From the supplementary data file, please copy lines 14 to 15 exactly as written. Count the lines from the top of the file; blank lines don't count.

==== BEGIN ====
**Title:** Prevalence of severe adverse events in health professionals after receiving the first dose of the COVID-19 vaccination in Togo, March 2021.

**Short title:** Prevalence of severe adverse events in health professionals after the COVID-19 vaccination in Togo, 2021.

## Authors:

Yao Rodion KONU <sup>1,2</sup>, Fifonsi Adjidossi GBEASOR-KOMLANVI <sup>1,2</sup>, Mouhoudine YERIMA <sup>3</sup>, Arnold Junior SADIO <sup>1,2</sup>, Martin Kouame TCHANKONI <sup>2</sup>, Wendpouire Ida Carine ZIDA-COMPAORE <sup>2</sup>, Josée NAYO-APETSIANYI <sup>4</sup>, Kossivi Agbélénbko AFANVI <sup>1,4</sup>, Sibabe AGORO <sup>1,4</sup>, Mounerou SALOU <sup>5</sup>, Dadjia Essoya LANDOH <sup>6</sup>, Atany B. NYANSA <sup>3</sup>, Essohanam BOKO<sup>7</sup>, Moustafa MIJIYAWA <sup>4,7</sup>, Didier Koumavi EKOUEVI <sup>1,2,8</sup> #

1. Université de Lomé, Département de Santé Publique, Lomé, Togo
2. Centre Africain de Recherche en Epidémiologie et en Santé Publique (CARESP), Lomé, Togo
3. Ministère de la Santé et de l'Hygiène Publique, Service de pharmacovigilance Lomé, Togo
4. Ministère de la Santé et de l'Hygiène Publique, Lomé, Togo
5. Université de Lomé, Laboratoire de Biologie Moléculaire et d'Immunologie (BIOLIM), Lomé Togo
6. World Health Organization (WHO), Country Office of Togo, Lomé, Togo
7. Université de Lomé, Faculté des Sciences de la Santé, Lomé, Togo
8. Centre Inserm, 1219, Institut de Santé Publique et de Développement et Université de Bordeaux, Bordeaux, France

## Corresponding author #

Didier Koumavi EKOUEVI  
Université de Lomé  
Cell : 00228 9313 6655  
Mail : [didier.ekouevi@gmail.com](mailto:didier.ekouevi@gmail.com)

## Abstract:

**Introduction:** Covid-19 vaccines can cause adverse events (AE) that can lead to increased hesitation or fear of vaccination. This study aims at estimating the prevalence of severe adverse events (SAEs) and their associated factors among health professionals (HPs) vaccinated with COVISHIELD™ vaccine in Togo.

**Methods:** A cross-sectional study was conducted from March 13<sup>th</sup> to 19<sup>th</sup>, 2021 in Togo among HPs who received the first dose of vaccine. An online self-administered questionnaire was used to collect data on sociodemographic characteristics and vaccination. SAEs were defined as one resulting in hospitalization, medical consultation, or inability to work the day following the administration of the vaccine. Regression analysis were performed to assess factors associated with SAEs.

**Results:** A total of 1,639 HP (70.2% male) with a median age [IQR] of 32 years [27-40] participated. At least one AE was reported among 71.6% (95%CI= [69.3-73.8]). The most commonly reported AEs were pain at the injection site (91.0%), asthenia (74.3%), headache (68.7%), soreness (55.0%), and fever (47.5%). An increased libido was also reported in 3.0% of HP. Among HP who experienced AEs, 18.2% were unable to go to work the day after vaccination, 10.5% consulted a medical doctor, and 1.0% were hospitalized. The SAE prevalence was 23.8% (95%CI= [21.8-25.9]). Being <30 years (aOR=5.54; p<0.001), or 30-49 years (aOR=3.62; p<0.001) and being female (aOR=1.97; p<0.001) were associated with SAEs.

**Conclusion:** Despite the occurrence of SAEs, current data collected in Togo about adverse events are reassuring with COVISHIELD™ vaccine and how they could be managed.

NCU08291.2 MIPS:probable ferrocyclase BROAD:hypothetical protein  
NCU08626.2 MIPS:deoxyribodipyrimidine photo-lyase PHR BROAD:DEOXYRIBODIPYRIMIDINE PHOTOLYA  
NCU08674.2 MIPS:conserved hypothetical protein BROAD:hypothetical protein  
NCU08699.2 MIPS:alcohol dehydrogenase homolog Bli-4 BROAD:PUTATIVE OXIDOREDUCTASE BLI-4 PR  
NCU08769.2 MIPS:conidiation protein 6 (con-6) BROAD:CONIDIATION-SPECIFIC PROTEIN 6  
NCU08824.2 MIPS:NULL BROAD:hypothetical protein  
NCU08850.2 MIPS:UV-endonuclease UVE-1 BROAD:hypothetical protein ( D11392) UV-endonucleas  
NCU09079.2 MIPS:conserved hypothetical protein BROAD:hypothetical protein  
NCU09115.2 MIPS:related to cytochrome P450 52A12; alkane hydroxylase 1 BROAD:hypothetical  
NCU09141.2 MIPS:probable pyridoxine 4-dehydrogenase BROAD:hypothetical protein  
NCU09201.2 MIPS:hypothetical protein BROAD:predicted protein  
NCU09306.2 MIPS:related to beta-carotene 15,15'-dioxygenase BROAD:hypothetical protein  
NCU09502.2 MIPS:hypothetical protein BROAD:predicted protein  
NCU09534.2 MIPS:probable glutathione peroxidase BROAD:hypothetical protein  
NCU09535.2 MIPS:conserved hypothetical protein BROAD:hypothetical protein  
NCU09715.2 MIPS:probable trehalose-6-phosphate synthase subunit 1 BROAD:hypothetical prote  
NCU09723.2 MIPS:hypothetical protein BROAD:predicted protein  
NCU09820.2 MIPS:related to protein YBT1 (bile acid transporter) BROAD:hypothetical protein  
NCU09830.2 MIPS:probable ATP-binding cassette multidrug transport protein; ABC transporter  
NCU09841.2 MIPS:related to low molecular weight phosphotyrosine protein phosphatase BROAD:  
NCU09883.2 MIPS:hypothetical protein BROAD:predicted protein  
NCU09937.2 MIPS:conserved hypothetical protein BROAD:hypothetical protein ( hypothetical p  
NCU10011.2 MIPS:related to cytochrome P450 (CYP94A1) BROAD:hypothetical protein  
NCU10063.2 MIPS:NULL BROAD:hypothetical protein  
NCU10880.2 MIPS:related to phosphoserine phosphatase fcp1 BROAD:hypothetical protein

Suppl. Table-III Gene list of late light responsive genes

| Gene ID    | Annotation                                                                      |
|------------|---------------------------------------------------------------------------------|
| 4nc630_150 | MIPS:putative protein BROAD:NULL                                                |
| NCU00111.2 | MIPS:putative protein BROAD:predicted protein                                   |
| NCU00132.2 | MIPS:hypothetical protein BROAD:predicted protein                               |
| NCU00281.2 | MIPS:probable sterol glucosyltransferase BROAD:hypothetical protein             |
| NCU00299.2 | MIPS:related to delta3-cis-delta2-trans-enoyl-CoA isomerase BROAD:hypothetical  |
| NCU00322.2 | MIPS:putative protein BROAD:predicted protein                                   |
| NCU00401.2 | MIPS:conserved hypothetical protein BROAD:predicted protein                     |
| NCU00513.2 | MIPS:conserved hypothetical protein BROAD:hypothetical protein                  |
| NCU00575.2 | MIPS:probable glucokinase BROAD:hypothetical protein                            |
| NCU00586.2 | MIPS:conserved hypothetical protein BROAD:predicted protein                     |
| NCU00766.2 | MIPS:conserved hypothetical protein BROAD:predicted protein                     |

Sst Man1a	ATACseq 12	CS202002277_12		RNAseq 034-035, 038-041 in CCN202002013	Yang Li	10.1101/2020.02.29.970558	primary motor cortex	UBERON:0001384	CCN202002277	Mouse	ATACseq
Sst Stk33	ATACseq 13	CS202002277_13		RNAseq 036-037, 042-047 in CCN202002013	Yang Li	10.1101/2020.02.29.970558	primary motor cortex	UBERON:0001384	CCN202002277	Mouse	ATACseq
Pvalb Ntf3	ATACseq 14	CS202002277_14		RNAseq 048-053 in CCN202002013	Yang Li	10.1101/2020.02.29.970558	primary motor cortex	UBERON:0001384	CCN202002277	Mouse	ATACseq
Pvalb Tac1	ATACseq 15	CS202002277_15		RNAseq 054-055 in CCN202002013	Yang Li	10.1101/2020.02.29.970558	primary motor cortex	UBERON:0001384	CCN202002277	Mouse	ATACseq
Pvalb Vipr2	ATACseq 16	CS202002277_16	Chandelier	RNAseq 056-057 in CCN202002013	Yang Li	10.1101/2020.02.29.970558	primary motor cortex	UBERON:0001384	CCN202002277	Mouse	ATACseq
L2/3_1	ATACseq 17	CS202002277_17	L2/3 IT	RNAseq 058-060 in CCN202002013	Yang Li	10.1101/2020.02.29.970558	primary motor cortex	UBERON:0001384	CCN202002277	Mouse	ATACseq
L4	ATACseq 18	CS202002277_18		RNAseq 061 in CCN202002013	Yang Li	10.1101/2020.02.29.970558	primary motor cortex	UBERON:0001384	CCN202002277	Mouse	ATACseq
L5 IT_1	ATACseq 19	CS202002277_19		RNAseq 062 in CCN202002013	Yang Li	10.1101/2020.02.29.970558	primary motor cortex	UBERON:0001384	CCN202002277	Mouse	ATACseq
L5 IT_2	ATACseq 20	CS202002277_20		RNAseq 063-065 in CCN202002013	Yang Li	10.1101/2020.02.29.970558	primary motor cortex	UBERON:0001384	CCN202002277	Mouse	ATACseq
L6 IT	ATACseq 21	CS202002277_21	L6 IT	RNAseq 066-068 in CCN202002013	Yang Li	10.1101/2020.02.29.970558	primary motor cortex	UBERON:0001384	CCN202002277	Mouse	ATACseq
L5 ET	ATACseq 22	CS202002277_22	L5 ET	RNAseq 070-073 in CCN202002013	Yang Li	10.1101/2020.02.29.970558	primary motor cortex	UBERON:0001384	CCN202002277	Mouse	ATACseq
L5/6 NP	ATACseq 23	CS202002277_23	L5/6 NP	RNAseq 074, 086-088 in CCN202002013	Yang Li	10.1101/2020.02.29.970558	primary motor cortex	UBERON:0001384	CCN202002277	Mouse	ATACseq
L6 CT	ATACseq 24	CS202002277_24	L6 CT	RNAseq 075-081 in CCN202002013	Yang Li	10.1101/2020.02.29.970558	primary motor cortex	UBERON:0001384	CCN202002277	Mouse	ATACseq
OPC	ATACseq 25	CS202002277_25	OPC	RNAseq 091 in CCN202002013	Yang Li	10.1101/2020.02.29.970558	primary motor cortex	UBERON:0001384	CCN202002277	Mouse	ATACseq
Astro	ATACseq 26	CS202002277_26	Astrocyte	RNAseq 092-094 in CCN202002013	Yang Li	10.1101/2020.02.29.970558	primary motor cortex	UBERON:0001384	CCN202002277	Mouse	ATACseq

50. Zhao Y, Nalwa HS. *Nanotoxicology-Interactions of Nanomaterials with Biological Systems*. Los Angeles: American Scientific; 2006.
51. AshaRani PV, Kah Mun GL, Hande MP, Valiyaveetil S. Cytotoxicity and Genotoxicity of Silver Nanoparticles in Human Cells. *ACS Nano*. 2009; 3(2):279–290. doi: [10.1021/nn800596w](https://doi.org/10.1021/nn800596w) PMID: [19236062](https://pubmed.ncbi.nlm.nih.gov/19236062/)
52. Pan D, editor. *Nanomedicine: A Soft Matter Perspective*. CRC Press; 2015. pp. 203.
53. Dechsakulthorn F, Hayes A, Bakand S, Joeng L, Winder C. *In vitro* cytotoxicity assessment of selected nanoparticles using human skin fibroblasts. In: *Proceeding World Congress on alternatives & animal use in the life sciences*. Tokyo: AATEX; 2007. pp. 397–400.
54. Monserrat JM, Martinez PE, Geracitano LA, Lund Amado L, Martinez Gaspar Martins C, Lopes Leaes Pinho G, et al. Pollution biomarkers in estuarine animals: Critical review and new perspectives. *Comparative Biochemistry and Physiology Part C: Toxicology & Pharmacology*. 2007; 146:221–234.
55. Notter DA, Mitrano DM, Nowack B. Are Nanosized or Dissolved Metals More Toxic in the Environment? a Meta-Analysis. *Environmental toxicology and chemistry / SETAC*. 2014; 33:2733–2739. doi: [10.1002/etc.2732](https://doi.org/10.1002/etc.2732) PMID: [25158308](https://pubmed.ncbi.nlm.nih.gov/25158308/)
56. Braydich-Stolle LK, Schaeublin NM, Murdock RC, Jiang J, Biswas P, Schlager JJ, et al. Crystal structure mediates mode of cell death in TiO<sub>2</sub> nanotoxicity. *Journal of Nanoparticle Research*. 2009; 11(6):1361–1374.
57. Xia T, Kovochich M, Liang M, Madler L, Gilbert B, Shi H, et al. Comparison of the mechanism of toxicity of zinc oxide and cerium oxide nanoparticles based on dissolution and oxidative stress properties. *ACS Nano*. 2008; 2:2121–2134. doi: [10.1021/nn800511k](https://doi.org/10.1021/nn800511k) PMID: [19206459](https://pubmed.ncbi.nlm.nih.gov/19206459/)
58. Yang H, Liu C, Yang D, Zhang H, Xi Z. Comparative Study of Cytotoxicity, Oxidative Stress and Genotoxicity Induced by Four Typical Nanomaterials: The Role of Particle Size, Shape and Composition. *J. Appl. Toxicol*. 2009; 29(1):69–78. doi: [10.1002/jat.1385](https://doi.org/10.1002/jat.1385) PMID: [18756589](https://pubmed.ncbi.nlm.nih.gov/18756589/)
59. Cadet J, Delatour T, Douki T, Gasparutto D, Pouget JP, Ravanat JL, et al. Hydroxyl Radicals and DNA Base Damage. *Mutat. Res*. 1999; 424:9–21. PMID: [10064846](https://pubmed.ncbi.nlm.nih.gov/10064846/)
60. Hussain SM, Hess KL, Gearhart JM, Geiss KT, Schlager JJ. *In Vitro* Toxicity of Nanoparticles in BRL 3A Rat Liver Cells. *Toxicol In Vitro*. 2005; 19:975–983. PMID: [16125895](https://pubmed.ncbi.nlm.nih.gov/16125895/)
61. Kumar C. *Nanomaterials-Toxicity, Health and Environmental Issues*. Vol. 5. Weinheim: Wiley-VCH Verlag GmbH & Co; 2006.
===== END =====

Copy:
Didier Koumavi EKOUEVI  
Université de Lomé  